One advantage of valerian root for anxiety is that aside from the smell, its downsides are minimal, Dimitriu says. “At worst, it does nothing. At a minimum, it’s part of a healthy winding-down ritual in the evening,” he explains. Dimitriu is referring to a nightly routine that encourages your body to calmly get ready for bed. “At best, it lowers anxiety and improves sleep quality,” he adds.

Still, some people can experience side effects from using it. These can include:

Abnormal heartbeats.

— Headaches.

Mental fogginess.

— Nausea.

— Stomach cramps.

— Feeling more stimulated instead of calmed by it, which happens in a small percentage of those who use it, Teitelbaum says.

There also are some people who should avoid the use of valerian root or use it with caution, including those who:

— Are pregnant. That’s because there’s not much research about its safety for women who are pregnant or breastfeeding.

— Are using other sedative medications like sleep aids because the sedative effect from those meds along with the valerian root may be too strong. This is also why you shouldn’t use it in combination with alcohol, which is sedating, Tsai says. You also don’t want to combine it with melatonin, another type of natural supplement known to help with sleep. Check with your doctor before using valerian root if you’re on an anti-depressant.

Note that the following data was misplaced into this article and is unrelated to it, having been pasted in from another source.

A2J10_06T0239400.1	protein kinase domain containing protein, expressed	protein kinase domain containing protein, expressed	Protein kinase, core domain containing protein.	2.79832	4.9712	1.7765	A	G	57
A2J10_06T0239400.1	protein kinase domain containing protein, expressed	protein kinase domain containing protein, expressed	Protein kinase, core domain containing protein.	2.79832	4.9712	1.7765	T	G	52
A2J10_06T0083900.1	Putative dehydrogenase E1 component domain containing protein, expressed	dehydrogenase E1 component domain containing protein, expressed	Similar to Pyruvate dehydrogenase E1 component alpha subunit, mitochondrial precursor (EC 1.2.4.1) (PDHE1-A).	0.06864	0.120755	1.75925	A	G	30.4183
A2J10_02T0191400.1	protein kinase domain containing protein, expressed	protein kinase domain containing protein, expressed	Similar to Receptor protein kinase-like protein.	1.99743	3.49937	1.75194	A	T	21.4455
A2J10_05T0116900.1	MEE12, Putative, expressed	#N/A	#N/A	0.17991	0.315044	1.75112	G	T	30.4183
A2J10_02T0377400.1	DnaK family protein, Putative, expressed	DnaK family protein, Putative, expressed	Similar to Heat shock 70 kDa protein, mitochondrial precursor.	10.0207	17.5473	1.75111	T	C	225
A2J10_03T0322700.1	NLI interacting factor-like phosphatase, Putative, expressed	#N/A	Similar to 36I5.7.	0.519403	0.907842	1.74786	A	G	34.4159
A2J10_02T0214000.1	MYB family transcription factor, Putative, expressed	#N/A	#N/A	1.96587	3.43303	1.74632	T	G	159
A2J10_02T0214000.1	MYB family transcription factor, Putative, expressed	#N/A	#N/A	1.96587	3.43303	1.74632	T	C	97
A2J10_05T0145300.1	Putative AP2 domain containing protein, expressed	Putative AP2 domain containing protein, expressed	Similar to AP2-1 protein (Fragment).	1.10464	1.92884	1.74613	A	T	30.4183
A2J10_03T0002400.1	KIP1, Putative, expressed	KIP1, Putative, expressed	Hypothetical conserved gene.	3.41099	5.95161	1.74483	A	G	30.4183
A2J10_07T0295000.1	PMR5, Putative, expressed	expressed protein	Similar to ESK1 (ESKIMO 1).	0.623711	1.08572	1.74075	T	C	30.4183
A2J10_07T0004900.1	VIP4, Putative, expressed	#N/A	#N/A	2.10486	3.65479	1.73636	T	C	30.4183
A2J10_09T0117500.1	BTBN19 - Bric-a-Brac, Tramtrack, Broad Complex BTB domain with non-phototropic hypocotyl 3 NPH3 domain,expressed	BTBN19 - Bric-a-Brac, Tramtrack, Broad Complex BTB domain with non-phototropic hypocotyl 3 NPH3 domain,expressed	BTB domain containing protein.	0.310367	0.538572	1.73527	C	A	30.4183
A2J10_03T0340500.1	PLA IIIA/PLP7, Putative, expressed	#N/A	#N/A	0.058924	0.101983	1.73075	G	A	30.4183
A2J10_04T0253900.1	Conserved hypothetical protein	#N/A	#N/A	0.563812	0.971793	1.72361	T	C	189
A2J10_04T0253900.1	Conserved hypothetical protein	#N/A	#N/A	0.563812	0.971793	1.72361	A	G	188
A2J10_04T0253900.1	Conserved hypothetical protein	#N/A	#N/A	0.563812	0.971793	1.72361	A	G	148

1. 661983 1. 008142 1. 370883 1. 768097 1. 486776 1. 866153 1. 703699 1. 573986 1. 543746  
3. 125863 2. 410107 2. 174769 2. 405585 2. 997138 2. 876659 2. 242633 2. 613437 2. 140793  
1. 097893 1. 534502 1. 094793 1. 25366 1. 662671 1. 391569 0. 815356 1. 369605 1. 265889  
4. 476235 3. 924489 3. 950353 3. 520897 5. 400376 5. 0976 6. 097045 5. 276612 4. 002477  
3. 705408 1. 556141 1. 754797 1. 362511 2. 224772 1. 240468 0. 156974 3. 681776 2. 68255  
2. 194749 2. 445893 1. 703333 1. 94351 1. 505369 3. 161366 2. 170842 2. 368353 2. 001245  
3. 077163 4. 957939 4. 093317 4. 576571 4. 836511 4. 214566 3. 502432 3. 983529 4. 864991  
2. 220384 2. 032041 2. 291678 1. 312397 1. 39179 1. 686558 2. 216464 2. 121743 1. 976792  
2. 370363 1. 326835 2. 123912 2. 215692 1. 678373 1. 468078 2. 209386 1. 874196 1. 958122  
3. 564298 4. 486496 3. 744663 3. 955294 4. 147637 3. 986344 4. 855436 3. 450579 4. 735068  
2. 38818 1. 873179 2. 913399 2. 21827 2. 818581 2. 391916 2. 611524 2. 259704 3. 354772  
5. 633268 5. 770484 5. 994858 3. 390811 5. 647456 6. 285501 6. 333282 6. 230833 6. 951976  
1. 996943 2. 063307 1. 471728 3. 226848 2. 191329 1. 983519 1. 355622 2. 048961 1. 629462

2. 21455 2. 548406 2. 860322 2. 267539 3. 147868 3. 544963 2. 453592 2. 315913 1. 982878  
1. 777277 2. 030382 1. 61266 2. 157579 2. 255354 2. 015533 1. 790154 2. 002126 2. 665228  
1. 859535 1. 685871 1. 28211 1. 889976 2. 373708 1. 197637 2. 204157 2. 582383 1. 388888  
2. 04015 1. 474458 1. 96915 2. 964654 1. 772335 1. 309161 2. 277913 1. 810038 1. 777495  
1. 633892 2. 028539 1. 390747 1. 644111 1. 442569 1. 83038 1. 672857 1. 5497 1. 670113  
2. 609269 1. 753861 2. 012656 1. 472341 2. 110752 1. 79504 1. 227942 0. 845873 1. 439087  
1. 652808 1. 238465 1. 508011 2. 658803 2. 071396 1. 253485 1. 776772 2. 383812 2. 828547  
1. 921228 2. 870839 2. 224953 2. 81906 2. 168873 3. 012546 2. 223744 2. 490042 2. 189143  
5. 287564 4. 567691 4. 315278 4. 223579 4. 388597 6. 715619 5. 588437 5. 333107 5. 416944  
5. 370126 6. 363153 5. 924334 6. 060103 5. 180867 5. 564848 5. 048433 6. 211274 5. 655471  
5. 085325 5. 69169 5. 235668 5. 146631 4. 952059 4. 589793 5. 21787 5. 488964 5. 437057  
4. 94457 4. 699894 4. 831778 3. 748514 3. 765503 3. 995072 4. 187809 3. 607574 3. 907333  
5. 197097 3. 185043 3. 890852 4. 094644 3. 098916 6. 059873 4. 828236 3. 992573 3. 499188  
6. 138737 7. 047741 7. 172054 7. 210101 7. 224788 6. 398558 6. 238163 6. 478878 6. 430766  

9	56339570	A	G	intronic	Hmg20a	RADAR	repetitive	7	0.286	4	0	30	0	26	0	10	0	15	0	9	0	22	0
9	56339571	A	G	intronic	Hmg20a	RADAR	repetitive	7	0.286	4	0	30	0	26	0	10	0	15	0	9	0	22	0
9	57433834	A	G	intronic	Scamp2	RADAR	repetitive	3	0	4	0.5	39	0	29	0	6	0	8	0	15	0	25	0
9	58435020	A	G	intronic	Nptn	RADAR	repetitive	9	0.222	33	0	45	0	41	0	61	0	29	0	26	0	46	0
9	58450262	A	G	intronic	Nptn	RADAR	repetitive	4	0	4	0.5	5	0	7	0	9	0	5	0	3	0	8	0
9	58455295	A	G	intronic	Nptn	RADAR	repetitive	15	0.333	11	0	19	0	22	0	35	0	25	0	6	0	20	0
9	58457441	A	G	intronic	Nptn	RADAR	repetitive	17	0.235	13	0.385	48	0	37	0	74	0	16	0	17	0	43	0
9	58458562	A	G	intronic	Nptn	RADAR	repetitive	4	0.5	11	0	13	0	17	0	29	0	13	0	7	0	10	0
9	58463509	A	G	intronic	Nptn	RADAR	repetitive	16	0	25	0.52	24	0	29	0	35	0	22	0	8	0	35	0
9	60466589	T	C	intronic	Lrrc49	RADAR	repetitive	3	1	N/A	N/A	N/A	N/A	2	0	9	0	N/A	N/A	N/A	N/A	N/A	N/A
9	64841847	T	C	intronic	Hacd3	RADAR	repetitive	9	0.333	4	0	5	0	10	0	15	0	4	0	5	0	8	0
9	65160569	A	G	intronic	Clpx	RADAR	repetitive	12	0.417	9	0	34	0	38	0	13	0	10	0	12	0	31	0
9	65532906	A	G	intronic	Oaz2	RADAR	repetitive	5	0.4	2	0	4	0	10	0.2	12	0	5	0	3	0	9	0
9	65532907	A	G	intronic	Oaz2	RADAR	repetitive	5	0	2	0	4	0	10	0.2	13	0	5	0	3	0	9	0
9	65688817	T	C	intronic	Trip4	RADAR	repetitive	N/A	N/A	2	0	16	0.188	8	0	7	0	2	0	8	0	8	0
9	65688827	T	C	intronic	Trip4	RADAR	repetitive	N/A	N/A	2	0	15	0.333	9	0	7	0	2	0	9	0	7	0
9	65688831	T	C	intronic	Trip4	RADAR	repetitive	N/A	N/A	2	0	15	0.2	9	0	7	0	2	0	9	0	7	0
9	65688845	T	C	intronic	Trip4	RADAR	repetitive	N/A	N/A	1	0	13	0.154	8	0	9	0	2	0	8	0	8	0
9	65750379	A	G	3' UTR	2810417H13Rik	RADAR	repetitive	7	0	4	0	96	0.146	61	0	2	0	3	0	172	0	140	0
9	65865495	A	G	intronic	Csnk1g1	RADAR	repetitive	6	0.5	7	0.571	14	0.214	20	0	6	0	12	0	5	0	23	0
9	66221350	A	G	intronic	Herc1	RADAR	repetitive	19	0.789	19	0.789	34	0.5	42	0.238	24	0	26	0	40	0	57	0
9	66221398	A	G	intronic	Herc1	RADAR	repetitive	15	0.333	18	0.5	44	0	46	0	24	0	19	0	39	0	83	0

— Have liver disease. It may slow down the way that your body breaks down medications in your liver.

Always check with your healthcare provider to make sure valerian root won’t interact with other medications that you use.

Valerian root is more effective when used consistently over time versus just for one day or night. It may take six weeks to notice a difference from valerian root, Tsai says. If you need a quicker fix for anxiety or insomnia, you may want to choose something faster acting in addition to, or in place of, valerian root.

Other Treatments for Anxiety

If you’re considering valerian root for anxiety, remember that other non-pharmacologic therapies also may help you. These include:

— Cannabinoids, also known as CBD, a cannabis-derivative without the tetrahydrocannabinol (THC) that creates a “high.”

— Changes to your diet. This includes avoiding foods and beverages linked to anxiety, like drinks high in caffeine or processed sugars.

— Essential oils like lavender because its scent has been shown to calm the brain and body without having a sedating effect.

— More physical activity.

— Relaxation and mindfulness techniques.

— Speaking with a therapist.